Stay Away From Low Carb Diets To Gain Muscle Weight
Copyright 2006 Jonathan Perez Many people looking to gain muscle weight can become very confused when they read and hear all of the conflicting information that's spread on TV, magazines, the internet, and diet books. One of the most misunderstood techniques is the low carb diets that have been very popular in the last several years. The popular belief lately is that sugar (carbohydrates) should be kept to moderate to low levels in your eating, even if you are trying to build muscle mass and / or gain muscle weight. The reason for this is because of the recent popularity of low-carb diets, such as The Atkins diet, The Southbeach diet, The Zone diet, etc. Even in bodybuilding magazines all of a sudden everyone and their mother is recommending to keep carbs in your diets almost to a minimum. Well, the misconception that sugar is somehow "evil" and will cause you to get fat, raise your bad cholesterol, and even lose your "insulin sensitivity" is based on several MYTHS that have been passed around by the media and "monkey see, monkey do" nutrition and exercise "gurus".
One of the main misconceptions is that eating carbs will cause a sharp rise of insulin in your blood, which supposedly causes your body to store fat. A lot of this is based on the incorrect belief that you should avoid eating "high GI (glycemic index)" foods, and to mainly get most of your carbs from "low GI" foods. Basically, the Glycemic Index is a chart that was developed years ago that measures how much of a rise in insulin a certain food causes in the blood once digested. To put it simply, the higher the GI number is, the higher and quicker it makes your insulin rise. (For some odd reason that's NOT based on any real, conclusive evidence.
People seem to think that raising your insulin levels is "bad"). Well, in 1981, researchers at the University of Toronto were the first to accurately notice that "simple" carb foods (having a high GI) actually produced a smaller increase in blood sugar than most "complex" (or low GI) foods (everyone today thinks the opposite is true, of course based on what they read in the latest "how to gain muscle weight" article)! In fact, eating table sugar (sucrose) actually causes a smaller increase in blood sugar than eating foods such as baked potatoes and whole wheat bread. Foods containing added sugars do NOT have a higher GI than foods containing naturally occurring sugars. In fact, you really can't count on the "GI" much at all!!! Why? Because the Glycemic Index does NOT take into account the differences in variety, ripeness, processing, or cooking foods, which have a huge impact on how that particular food affects your insulin levels, even if you are trying to gain muscle weight. Also, the fat content of food also has an affect on insulin: foods that are high in fat have a lower GI, like peanuts, which only have a GI of 14. In addition, there some foods that have a high GI number, but don't affect your insulin levels at all.like carrots! Carrots have a GI of 95 (which is pretty high), but don't try to tell me that you'll get fat, get diabetes, etc.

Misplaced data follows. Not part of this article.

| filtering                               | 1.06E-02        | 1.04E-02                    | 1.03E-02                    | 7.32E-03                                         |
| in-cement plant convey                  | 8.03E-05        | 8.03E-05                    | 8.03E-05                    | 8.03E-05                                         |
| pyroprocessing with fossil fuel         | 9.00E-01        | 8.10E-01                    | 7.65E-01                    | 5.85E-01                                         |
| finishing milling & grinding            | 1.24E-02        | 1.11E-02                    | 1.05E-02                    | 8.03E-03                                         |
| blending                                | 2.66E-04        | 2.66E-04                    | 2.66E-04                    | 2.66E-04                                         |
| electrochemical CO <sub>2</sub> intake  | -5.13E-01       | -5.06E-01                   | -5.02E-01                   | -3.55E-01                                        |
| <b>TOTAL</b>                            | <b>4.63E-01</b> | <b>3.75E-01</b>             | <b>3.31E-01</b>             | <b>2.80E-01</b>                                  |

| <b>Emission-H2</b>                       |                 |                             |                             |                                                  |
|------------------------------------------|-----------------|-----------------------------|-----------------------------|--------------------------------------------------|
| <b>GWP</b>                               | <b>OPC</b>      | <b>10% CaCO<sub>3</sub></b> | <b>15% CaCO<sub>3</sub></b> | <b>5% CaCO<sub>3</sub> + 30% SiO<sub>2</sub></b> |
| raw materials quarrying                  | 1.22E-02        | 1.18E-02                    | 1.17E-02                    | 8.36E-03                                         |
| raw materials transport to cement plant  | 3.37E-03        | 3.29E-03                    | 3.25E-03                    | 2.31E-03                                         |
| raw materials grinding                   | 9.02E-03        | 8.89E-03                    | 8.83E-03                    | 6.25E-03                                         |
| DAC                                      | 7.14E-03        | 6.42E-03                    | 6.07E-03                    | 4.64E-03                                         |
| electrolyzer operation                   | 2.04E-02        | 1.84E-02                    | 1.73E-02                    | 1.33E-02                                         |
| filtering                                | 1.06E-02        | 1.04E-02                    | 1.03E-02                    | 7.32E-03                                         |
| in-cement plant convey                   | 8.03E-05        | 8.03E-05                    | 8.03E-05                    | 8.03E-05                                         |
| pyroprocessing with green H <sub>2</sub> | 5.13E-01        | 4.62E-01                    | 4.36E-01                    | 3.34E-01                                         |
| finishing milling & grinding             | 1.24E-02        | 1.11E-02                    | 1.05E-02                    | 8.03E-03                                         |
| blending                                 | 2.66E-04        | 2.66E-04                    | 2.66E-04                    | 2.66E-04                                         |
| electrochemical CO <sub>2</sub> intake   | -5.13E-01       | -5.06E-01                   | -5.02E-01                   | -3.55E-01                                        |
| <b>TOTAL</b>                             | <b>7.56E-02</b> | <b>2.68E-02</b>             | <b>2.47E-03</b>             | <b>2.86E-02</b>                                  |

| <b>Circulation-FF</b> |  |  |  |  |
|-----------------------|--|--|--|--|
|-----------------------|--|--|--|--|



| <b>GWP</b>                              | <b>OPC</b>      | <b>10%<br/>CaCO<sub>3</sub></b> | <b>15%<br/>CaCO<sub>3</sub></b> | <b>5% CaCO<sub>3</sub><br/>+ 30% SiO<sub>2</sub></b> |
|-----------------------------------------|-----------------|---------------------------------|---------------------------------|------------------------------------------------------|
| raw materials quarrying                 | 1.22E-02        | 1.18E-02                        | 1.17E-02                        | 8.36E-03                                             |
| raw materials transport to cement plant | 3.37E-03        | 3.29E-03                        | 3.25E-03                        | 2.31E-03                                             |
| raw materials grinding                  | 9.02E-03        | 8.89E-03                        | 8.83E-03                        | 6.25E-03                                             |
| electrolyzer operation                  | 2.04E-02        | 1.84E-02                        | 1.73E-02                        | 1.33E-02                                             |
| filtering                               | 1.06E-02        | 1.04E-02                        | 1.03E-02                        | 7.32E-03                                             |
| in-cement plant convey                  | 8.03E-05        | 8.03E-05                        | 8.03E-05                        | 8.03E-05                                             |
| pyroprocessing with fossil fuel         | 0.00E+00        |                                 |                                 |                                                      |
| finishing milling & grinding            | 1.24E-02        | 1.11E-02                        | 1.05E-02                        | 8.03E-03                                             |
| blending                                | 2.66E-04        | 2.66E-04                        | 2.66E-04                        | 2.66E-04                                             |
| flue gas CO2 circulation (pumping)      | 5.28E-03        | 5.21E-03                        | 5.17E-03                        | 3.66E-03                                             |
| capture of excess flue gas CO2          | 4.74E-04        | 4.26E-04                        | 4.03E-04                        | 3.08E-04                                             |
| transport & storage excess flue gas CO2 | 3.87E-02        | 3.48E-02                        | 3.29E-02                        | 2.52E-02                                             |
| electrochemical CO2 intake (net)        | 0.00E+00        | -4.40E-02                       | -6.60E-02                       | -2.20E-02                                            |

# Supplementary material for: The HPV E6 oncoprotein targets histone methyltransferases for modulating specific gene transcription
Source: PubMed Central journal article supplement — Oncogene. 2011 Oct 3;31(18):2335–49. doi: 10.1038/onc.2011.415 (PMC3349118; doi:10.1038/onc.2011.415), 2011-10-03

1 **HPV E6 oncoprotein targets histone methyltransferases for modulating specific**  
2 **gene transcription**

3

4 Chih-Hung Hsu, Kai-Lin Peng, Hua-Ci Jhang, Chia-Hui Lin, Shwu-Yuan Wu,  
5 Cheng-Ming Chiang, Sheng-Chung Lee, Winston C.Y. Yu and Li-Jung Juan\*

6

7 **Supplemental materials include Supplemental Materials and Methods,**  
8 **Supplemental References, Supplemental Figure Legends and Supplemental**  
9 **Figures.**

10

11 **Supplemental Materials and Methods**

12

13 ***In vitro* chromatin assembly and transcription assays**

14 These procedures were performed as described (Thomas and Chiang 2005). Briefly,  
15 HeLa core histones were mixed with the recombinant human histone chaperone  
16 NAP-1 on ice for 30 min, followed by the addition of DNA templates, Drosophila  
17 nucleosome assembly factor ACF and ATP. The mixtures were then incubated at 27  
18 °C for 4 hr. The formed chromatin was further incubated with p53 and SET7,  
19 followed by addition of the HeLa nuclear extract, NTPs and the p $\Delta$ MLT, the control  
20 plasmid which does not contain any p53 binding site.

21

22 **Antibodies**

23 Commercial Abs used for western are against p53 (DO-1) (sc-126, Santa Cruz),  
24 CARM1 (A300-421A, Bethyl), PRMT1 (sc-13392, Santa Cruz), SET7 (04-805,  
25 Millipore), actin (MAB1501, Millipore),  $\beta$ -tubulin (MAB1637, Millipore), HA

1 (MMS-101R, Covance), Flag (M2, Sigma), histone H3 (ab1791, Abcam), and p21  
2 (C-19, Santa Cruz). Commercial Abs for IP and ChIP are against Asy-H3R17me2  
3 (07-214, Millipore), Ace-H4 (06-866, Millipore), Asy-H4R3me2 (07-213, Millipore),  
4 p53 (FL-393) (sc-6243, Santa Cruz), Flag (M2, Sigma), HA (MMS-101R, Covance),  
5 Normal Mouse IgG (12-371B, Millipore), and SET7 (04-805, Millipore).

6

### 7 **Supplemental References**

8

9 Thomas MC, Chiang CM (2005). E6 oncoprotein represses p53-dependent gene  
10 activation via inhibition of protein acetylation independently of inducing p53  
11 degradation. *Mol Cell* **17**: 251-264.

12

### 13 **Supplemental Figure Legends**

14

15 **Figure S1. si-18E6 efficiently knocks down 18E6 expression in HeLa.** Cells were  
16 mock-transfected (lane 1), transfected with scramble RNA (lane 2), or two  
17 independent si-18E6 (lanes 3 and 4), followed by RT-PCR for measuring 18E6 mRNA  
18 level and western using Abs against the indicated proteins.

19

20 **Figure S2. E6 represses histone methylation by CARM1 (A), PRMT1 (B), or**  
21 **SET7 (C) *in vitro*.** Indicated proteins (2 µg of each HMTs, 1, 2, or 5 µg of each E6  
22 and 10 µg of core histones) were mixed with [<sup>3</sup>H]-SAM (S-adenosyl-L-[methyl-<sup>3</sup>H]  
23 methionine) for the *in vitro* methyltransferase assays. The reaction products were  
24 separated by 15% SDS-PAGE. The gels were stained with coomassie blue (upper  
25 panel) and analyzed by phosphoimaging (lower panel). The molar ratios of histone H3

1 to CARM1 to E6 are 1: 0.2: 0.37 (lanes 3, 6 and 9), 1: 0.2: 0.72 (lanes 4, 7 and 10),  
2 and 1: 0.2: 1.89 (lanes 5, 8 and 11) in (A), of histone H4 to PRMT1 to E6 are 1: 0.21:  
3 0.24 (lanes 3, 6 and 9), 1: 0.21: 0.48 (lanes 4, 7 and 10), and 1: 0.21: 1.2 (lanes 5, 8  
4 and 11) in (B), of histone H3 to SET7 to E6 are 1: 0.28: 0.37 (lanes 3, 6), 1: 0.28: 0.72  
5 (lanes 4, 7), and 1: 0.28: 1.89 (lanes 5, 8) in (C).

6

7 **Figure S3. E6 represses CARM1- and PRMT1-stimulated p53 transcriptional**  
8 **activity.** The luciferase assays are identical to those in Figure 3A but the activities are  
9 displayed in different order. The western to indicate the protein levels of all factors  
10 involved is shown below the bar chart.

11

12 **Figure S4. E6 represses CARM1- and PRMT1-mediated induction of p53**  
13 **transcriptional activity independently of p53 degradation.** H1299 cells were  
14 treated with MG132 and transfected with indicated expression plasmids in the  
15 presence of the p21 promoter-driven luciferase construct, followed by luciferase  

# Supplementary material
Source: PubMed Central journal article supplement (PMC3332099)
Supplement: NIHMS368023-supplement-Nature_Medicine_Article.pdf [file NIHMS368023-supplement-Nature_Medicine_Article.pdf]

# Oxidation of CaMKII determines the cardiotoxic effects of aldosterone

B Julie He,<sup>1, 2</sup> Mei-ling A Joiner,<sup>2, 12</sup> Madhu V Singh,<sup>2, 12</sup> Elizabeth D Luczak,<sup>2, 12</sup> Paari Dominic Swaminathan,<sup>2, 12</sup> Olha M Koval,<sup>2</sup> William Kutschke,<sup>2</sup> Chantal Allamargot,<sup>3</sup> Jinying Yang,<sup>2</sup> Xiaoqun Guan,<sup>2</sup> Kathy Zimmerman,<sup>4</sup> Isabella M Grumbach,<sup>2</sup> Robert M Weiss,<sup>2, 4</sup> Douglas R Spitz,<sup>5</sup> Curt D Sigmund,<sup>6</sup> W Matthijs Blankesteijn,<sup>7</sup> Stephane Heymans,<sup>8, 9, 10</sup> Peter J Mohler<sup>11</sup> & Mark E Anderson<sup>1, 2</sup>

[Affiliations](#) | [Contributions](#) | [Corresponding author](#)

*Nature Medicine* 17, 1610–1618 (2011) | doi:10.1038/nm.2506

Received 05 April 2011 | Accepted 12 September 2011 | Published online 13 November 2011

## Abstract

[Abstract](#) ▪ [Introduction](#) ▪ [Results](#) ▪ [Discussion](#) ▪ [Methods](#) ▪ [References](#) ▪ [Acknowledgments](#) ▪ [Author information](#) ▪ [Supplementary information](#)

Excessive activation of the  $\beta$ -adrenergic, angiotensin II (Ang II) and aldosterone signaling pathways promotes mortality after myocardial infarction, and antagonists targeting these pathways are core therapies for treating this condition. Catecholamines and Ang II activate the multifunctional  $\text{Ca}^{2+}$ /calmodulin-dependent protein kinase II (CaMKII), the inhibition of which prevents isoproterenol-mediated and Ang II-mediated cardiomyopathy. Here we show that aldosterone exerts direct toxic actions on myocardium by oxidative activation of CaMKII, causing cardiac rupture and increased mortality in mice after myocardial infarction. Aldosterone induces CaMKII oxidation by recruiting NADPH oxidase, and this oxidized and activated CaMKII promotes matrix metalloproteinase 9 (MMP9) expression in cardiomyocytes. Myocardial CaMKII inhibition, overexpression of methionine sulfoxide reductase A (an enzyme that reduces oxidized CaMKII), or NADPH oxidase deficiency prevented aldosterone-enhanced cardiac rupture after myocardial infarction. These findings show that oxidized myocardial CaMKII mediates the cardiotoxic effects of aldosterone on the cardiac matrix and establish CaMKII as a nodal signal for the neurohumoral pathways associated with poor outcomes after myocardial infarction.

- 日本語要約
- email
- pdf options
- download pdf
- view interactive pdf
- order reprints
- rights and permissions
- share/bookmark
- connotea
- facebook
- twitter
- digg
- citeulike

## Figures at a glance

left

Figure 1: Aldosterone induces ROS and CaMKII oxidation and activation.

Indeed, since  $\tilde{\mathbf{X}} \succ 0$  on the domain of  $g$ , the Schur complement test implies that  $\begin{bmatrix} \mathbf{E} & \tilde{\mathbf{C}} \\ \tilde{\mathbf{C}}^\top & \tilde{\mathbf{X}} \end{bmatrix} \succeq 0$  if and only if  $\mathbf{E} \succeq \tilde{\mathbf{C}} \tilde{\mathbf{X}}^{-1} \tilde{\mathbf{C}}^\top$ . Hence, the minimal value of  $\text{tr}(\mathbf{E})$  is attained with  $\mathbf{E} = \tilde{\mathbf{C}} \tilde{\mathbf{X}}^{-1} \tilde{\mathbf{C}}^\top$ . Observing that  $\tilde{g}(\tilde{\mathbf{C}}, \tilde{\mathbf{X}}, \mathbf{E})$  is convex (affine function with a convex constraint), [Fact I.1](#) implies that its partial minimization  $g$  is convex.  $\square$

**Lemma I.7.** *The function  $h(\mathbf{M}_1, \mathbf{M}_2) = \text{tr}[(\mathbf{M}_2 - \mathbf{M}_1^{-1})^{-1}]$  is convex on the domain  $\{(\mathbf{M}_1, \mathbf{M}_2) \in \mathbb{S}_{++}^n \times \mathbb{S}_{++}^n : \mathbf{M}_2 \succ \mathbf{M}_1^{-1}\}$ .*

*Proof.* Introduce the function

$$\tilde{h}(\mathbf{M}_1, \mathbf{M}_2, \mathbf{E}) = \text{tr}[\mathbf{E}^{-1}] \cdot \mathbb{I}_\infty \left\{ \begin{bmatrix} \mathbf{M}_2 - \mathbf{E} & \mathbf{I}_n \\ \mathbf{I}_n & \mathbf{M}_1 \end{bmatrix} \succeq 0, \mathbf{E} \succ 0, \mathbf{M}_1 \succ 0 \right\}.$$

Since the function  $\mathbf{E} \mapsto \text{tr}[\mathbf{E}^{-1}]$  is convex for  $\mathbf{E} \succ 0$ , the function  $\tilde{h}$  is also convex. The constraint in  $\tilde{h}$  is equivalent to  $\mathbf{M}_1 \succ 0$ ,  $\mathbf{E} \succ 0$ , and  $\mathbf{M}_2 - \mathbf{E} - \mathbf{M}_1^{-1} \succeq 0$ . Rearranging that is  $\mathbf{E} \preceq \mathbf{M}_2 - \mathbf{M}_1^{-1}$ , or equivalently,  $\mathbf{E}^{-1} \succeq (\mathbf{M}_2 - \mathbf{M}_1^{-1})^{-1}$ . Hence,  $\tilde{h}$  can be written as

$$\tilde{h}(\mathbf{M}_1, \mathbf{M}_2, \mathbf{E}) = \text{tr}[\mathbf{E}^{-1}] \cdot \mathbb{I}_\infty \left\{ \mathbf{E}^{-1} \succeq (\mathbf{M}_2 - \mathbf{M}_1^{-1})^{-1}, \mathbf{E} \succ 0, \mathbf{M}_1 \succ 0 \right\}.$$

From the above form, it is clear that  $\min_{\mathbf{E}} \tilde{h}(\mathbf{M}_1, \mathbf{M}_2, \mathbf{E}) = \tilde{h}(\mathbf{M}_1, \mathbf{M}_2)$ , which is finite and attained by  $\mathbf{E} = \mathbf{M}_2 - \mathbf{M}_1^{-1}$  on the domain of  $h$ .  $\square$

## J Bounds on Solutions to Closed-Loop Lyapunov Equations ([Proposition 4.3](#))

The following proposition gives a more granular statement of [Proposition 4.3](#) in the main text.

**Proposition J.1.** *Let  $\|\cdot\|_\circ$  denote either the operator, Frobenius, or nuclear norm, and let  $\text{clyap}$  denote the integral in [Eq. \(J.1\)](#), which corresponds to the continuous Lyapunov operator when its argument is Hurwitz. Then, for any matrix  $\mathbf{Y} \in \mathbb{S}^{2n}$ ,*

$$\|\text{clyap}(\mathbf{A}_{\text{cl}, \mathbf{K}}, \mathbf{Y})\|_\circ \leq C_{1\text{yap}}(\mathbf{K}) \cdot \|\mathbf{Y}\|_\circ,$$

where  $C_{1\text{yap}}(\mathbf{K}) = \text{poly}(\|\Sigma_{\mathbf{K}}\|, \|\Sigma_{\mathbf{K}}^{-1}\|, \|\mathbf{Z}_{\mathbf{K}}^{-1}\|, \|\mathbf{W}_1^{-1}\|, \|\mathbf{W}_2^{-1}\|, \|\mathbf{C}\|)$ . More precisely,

, from eating carrots!!! Bodybuilding magazines, supplement companies, and the internet spread myths to all of us seeking to build muscle mass, only leading us to NO RESULTS! I guarantee you that if you are desperately trying to gain muscle, if you go on a low carb diet, not only are you not going to build any muscle weight, but you are actually going to get smaller than what you are already are. If you are trying to eat your way to a leaner, more defined, more sculpted you, there is NO NEED TO BREAK DOWN YOUR EATING DOWN TO ALL KINDS OF RATIOS or PERCENTAGES. Regardless of what type of foods you eat and in what combinations, "IT ALL COMES DOWN TO THE CALORIES"!.
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